The theorem that we have stated and are going to prove is the proposition 10 of Book XI of Euclid. Not only ques- tions and suggestions quoted from our list are printed in italics but also others which correspond to them as "problems to prove" correspond to "problems to find. Each side of one is parallel to the corresponding side of the other, and has also the same direction. Say it, please, using your nota- tion. And try to think of a familiar theorem having the same or a similar conclusion.

Now here is a theorem related to yours and proved before. A Problem to Prove triangles, about a pair of congruent triangles. Have you any triangles in your figure? But I could introduce some. Let me join B to C and B' to C'.

Then there are two triangles, 6, ABC 6. But what are these triangles good for? If you wish to prove this, what kind of tri- angles do you need? Now, what do you wish to prove? Look at the conclusion! You could have chosen a worse one. Thus, what is your aim? What is the hypothesis? Yes, of course, I must use that. Is that all that you know about these lines? They are parallel and equal to each other. And so are AC and A'C'. How many parallelograms have you now in your figure?

No, three. No, two. A Rate Problem 29 which you can prove immediately that they are paral- lelograms. There is a third which seems to be a parallelo- gram; I hope I can prove that it is one. And then the proof will be finished! But after this last remark of his, there is no doubt. This student is able to guess a mathematical result and to distinguish clearly between proof and guess. He knows also that guesses can be more or less plausible.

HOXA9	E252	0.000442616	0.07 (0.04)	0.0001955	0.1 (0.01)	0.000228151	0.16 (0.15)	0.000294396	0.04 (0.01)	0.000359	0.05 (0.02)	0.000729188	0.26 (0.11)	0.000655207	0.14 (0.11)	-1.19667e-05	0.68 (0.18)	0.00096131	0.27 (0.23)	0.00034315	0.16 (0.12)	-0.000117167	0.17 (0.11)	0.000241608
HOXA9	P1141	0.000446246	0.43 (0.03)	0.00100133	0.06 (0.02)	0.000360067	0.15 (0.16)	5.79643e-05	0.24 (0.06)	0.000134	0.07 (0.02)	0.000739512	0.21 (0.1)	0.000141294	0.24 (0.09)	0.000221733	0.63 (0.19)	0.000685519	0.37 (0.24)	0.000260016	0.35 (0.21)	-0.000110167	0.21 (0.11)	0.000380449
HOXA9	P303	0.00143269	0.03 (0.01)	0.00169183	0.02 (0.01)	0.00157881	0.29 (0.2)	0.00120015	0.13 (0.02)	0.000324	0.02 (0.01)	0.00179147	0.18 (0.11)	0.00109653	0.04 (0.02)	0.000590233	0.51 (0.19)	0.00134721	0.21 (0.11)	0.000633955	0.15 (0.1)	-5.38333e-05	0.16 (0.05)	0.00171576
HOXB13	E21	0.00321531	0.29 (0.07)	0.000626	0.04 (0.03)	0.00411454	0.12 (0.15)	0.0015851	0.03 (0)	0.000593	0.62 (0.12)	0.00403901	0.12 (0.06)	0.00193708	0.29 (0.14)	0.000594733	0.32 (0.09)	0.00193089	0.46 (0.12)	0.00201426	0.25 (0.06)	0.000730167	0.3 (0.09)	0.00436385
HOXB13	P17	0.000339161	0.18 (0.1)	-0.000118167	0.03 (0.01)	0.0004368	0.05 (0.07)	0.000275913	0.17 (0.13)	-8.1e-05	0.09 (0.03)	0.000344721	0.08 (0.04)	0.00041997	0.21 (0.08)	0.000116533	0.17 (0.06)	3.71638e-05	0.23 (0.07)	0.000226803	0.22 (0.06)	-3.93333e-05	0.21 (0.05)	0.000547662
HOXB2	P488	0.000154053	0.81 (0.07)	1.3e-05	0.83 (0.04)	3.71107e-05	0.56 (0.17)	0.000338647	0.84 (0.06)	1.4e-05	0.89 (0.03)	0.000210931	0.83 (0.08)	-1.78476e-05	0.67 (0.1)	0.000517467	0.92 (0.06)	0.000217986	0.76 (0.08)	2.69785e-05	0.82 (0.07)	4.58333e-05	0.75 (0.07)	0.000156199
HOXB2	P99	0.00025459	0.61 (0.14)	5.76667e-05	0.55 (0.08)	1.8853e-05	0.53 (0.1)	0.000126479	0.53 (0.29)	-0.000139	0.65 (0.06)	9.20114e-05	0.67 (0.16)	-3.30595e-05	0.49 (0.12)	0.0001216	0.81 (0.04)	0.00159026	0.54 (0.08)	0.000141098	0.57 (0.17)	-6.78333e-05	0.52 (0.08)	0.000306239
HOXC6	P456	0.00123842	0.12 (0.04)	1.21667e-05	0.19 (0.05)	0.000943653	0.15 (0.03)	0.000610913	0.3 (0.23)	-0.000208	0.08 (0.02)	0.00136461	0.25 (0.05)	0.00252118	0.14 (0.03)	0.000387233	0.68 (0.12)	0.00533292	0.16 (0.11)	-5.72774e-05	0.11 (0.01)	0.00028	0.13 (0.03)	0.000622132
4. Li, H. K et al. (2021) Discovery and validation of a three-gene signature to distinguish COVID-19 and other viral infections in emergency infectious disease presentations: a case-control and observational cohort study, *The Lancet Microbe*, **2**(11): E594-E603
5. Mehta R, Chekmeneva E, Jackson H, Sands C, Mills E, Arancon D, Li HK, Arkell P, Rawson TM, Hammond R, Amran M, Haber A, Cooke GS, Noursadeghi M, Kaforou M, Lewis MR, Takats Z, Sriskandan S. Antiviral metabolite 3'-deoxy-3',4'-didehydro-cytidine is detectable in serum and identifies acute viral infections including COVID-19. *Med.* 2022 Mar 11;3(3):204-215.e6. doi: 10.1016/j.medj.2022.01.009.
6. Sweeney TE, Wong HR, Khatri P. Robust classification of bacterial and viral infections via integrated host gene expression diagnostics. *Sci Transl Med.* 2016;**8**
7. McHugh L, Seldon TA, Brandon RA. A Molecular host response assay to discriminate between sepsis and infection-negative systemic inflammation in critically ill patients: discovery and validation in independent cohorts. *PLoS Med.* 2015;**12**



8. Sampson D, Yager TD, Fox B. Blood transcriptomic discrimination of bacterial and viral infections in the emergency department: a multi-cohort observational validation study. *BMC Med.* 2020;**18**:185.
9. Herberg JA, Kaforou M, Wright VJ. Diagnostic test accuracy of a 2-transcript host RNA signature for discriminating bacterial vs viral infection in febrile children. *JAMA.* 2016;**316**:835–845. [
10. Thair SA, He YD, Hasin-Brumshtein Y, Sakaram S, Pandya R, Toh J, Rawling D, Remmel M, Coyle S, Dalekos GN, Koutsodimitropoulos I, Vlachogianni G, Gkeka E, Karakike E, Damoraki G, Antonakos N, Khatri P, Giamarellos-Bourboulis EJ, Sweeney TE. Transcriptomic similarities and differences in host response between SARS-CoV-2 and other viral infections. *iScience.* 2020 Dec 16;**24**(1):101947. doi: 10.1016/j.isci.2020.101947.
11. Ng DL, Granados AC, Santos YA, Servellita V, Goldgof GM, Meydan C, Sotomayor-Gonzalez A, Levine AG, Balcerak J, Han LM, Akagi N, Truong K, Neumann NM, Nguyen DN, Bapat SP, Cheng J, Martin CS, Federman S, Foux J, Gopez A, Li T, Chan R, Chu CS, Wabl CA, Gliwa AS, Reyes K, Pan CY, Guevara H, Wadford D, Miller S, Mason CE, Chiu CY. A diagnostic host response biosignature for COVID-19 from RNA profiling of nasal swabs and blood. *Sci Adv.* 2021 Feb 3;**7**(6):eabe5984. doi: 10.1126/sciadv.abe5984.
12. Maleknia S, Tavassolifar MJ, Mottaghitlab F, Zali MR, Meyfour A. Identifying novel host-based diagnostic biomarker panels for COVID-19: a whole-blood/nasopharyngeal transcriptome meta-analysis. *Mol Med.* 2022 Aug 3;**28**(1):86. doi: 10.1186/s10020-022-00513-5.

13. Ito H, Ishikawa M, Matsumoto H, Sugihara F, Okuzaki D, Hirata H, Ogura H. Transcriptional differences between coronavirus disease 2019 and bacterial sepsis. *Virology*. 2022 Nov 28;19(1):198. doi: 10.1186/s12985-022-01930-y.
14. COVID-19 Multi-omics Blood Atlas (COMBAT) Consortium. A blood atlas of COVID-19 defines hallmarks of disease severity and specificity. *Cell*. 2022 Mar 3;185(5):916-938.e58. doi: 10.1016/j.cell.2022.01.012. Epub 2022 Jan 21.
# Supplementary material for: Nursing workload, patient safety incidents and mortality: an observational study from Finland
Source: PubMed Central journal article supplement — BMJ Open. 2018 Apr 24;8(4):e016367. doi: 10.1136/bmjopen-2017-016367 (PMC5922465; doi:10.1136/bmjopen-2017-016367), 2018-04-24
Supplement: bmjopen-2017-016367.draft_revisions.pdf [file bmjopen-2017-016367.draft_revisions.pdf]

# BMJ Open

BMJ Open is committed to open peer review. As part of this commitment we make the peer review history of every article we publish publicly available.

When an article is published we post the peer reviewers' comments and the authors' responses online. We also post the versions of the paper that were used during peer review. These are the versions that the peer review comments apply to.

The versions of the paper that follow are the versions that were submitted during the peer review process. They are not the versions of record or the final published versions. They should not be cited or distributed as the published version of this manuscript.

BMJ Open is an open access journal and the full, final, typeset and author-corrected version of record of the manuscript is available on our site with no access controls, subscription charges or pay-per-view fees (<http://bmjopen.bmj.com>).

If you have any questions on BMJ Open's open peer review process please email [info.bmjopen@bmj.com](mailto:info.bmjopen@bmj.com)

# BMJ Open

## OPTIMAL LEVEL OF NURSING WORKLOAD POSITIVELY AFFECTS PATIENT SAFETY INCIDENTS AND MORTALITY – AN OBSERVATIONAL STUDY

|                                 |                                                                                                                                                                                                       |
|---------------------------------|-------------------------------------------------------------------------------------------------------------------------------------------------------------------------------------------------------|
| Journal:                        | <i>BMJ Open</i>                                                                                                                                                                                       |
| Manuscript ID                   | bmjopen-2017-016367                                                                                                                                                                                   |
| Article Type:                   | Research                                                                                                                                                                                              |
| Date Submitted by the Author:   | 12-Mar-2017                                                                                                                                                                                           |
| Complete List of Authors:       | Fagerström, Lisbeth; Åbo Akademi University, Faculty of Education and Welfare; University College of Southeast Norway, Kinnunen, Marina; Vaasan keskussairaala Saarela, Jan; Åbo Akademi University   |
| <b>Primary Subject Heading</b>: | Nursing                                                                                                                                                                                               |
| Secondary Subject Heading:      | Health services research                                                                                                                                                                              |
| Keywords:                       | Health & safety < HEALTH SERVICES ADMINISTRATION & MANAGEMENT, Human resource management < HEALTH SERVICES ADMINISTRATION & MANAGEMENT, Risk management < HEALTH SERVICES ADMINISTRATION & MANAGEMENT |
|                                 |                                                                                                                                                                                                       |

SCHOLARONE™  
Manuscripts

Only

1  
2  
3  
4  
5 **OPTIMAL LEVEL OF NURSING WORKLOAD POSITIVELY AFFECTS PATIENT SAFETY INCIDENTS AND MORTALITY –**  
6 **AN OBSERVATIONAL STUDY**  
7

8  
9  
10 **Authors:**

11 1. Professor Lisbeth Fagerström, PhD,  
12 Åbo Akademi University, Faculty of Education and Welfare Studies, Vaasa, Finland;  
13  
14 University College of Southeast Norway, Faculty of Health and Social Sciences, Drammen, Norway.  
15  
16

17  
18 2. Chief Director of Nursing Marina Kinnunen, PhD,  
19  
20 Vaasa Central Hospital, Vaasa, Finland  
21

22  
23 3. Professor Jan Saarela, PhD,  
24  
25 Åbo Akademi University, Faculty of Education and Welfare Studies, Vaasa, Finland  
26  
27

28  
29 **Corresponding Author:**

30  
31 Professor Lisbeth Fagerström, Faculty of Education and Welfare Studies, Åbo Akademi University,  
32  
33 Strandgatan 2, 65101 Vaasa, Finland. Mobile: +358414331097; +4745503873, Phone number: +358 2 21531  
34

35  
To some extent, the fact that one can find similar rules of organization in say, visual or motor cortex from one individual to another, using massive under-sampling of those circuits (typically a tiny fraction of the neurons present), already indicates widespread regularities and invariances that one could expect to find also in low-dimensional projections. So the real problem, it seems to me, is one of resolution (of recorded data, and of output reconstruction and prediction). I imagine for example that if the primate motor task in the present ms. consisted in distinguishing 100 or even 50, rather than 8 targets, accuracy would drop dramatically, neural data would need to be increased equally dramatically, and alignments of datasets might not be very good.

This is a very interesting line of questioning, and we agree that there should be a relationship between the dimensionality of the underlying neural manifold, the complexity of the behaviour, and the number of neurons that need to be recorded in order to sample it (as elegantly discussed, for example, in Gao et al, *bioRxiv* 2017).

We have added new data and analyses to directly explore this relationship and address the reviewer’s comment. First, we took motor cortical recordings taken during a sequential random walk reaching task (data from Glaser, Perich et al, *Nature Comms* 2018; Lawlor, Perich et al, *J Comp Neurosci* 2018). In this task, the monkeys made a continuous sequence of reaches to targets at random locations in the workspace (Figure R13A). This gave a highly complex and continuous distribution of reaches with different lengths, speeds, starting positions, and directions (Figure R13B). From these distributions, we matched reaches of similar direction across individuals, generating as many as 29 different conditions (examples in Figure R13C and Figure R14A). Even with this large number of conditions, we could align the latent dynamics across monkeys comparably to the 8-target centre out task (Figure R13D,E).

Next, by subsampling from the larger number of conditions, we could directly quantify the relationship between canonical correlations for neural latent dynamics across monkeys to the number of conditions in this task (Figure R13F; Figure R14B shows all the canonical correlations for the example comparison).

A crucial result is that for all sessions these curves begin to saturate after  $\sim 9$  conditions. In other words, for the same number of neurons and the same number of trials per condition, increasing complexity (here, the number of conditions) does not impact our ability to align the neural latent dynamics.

Really, he did profit something from his mathematics classes; he has some real experience in solving problems, he can conceive and exploit a good idea. A rate problem. Water is flowing into a conical vessel at the rate r. The vessel has the shape of a right circular cone, with horizontal base, the vertex pointing downwards; the radius of the base is a, the altitude of the FIG.

Find the rate at which the surface is rising when the depth of the water is y. The students are supposed to know the simplest rules of differentiation and the notion of "rate of change. The statement of the problem seems to sug- gest that you should disregard, provisionally, the numeri- cal values, work with the letters, express the unknown in terms of a, b, r, y and only finally, after having obtained the expression of the unknown in letters, substitute the numerical values.

I would follow this suggestion. Now, what is the unknown? Could you say it in other terms? But what is the rate of change? Go back to the definition. Now, is y a function? As we said before, we disregard the numerical value of y. Can you imagine that y changes?

How would you write the 'rate of change of y' in mathematical symbols? Thus, this is your unknown. You have to ex- press it in terms of a, b, r, y. By the way, one of these data is a 'rate.